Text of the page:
Who said water and books don’t mix!
There are a few places where we dream of curling up to read a book. Mostly, these include treehouses, cozy attics and the Gilmore residence in Stars Hollow. But now there’s another: artist Beatrice Glow's floating library. Who said water and books don't mix?
Docked off Pier 25 in New York City beginning September 6, the library-slash-art-installation will include an outdoor reading lounge on the upper deck that will, according to its website, be “conducive to fearless dreaming.” Glow’s project will be taking over the Lilac Museum Steamship, a decommissioned steam-powered shipthat once carried supplies to lighthouses and is listed on the National Register of Historic Places.
When 900 notable authors signed an open letter to Amazon, they made their stance on the ebook distributor clear. Although the petition claims that many of its signees have long been supporters of Amazon, the company’s recent battle with Hachette, which has involved delayed deliveries and a refusal to provide discounts, has forced them to change their tune. Michael Lewis, Stephen King and Jonathan Lethem were among the participating authors. A portion of the letter reads:
As writers — most of us not published by Hachette — we feel strongly that no bookseller should block the sale of books or otherwise prevent or discourage customers from ordering or receiving the books they want. It is not right for Amazon to single out a group of authors, who are not involved in the dispute, for selective retaliation.
So, writers generally aren’t keen on Amazon’s recent practices. But how does this sentiment manifest itself in their daily lives — namely, in their reading habits? Do authors find the convenience of a tablet alluring, or are they still taken with the tactile experience of curling up with a paperback? If the authors we’ve spoken with below are an accurate representation, it seems that writers are, unsurprisingly, traditionalists in terms of book-reading.
Forget the room of one’s own - write in the kitchen, lock yourself up in the bathroom. Write on the bus or on the welfare line, on the job or during meals, between sleeping and waking. I write while sitting on the john. No long stretches at the typewriter unless you’re wealthy or have a patron - you may not even own a typewriter. While you wash the floor or clothes listen to the words chanting in your body. When you’re depressed, angry, hurt, when compassion and love possess you. When you cannot help but write.
"Do not fear for Eddy!" the doomed man called out as he boarded a steamship out of Brooklyn.
These, among Edgar Allan Poe’s last words to his family, were spoken to his aunt Maria in June 1849; in October he was found dying in the street in Baltimore, incoherent and dressed in another man’s clothing. The irony of his departing words, and the mysterious circumstances of death, all seem rather fitting for the father of the detective story.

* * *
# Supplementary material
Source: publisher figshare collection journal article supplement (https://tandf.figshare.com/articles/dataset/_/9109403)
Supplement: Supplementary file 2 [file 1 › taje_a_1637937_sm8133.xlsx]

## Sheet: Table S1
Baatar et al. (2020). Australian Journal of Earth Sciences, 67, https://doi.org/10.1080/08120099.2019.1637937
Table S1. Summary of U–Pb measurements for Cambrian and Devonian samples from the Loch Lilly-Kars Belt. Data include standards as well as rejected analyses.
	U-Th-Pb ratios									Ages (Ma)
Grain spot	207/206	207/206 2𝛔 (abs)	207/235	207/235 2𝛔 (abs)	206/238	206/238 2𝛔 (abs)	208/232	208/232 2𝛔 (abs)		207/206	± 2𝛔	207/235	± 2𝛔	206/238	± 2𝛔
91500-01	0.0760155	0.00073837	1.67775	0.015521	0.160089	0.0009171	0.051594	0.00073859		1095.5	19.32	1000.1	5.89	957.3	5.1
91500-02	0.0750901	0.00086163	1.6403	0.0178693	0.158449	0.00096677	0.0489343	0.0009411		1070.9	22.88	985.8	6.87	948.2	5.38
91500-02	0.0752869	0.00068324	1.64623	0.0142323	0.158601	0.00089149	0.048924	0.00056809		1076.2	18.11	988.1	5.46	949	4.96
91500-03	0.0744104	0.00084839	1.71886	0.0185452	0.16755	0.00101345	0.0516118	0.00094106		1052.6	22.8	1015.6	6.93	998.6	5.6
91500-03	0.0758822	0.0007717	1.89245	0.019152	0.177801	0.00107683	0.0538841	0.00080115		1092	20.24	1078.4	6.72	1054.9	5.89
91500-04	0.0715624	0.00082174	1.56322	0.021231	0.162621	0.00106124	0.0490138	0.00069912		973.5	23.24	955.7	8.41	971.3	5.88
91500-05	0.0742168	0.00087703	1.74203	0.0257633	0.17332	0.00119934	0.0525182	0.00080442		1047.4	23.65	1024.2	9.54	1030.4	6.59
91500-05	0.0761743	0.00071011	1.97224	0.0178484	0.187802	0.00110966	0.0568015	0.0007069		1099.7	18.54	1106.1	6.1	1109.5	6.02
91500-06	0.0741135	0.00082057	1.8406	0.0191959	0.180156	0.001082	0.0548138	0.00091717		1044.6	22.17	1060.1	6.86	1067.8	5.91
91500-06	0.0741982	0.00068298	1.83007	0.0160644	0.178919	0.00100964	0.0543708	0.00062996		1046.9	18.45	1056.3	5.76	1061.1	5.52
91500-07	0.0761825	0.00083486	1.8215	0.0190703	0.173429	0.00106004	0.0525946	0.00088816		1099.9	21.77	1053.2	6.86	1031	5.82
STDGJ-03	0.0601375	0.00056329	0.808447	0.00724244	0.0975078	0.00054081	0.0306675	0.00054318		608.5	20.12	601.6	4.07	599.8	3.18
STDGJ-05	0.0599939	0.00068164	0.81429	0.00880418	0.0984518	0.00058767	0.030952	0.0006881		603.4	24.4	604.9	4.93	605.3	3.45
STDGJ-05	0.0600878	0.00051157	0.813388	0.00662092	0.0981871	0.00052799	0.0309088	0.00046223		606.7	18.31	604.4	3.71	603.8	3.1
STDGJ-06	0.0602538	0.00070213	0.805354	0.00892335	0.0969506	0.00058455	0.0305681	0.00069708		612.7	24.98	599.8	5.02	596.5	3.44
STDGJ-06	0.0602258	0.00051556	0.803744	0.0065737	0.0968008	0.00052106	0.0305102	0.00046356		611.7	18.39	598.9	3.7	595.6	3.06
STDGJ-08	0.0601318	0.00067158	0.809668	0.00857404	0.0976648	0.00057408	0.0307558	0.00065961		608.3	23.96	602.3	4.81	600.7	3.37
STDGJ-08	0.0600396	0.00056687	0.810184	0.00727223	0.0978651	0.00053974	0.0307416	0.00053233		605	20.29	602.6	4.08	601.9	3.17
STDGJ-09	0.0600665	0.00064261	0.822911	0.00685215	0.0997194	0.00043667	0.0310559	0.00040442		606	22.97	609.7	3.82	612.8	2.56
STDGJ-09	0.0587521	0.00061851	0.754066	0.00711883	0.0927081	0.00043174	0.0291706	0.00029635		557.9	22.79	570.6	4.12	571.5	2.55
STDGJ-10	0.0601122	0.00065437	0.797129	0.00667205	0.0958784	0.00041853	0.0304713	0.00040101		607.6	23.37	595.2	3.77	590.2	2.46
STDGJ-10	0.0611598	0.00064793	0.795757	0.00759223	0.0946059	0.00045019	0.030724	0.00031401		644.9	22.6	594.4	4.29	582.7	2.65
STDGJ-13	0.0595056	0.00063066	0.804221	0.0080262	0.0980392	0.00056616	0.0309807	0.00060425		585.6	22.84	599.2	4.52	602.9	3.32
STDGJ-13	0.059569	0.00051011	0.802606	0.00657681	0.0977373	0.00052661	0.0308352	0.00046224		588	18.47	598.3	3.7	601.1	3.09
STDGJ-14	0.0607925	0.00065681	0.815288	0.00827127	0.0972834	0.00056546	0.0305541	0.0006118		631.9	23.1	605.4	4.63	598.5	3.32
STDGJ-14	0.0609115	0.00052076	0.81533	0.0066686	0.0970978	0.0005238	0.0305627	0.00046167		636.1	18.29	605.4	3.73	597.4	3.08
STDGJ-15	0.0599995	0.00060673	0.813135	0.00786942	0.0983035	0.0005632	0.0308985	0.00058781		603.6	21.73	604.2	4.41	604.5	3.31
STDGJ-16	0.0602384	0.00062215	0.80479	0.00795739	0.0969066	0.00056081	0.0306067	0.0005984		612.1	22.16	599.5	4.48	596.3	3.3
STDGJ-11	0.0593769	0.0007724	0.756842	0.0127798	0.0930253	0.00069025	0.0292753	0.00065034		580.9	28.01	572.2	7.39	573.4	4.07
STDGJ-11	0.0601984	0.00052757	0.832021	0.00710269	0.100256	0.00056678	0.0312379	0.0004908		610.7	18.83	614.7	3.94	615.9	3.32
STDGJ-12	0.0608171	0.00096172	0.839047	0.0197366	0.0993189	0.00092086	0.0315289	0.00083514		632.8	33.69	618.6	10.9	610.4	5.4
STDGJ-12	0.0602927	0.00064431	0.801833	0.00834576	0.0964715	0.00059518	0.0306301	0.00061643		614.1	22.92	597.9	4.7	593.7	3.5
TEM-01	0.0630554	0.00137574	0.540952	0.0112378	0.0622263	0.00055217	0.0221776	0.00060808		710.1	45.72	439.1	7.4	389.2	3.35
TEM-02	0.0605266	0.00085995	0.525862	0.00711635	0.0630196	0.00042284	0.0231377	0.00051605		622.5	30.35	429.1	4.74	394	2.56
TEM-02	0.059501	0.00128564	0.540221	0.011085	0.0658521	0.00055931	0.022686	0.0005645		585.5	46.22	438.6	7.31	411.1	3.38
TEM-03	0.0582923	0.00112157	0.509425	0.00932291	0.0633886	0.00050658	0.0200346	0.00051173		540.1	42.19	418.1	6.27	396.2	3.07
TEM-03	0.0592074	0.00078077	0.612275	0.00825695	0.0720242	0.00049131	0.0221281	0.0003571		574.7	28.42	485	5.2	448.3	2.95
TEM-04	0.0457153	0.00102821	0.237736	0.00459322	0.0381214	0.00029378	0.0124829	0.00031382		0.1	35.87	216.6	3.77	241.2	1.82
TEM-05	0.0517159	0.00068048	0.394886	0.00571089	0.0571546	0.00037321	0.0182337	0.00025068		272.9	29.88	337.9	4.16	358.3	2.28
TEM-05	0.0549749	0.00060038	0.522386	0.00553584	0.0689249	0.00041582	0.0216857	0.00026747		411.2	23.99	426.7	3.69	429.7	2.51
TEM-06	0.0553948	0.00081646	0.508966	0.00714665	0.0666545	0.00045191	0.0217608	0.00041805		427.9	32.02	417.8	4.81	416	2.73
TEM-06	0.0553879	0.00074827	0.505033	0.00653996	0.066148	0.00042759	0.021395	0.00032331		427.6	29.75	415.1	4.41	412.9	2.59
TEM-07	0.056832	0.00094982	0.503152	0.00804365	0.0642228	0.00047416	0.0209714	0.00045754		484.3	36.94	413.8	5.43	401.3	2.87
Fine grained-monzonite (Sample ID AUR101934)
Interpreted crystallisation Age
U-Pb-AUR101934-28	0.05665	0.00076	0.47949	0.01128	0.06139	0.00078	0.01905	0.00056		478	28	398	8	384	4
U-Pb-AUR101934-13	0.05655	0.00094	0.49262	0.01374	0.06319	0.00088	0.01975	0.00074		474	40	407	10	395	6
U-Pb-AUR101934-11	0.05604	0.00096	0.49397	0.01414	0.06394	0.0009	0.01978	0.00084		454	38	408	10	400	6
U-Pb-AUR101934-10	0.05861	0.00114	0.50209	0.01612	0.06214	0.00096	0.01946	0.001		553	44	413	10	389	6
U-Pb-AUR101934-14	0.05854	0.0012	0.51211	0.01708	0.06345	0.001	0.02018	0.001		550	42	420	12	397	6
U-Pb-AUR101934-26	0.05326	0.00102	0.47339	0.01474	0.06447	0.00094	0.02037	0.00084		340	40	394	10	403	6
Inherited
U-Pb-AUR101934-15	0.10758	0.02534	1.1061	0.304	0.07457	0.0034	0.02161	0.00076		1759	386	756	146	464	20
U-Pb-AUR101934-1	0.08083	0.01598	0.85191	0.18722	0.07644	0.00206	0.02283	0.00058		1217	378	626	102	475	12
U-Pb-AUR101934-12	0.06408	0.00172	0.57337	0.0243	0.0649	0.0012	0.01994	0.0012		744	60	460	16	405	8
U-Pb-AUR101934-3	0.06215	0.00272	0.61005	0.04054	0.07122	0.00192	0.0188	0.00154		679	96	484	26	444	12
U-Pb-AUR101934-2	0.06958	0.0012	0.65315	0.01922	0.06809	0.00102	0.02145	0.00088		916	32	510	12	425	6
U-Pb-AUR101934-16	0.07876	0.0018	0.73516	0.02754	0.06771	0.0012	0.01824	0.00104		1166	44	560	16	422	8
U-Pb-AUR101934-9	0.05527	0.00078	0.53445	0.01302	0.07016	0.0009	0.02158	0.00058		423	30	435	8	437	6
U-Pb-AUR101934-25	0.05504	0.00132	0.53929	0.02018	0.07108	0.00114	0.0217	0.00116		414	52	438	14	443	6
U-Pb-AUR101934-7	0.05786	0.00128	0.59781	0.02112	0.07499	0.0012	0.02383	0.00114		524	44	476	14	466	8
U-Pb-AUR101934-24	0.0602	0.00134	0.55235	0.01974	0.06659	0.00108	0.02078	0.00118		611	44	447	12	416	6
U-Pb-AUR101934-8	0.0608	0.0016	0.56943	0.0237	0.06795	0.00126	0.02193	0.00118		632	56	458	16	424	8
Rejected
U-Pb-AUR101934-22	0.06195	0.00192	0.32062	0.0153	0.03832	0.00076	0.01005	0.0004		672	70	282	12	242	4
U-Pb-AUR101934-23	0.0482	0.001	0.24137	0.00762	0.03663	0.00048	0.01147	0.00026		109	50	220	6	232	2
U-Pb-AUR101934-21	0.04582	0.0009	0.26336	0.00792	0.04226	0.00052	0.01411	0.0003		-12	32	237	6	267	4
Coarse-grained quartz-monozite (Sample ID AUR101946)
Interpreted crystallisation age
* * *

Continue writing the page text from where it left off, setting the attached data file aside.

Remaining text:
Yet for a biographer, what’s striking in that line is that last word—Eddy. To the world, he is the iconic Edgar Allan Poe, author of “The Raven,” “The Tell-Tale Heart,” and dozens of other vital classics of American Gothicism. But to his aunt, his neighbors, his colleagues, he was indeed Eddy — a hardworking writer and careful craftsmen, bedeviled by drinking and literary quarreling, but as ready to earn his living by penning puzzle columns and editorials on "Try a Mineralized Pavement" as by “The Fall of the House of Usher.” And it’s perhaps in those curious moments and foibles of ordinary life that the lesser-known glimpses of “Eddy” emerge:
1. Poe employed an impressive array of assumed names. His first, quite unwillingly, was his college nickname: “Gaffy.” Other false names were out of necessity, as when hiding from creditors (Henri Le Rennet) or to enlist in the army (Edgar A. Perry). He also indulged in them to write a campaign song (as Thaddeus Perley), to pack a magazine with his own work (Littleton Barry), and to stalk a potential fiancée (Edward S.T. Grey).
No summer, no matter how sunny and fun-filled, can last forever, as kids must painfully remember every year with the return of back-to-school shopping and early-morning alarms. Now that back-to-school season has rolled around once again, kids everywhere are engaging in a time-honored ritual: pulling out the school summer reading lists they’ve been ignoring since June and groaning with dismay and panic.
But it doesn’t have to be that way! Sometimes reading books we’re assigned to read, rather than those we would pick up on our own, can be a blessing rather than a curse. It can lead us to unexpected treasures, introduce us to unfamiliar and unexpected points of view, and challenge us in surprising ways.
We rounded up our favorite required reading from our school years and revealed what made those assigned books so memorable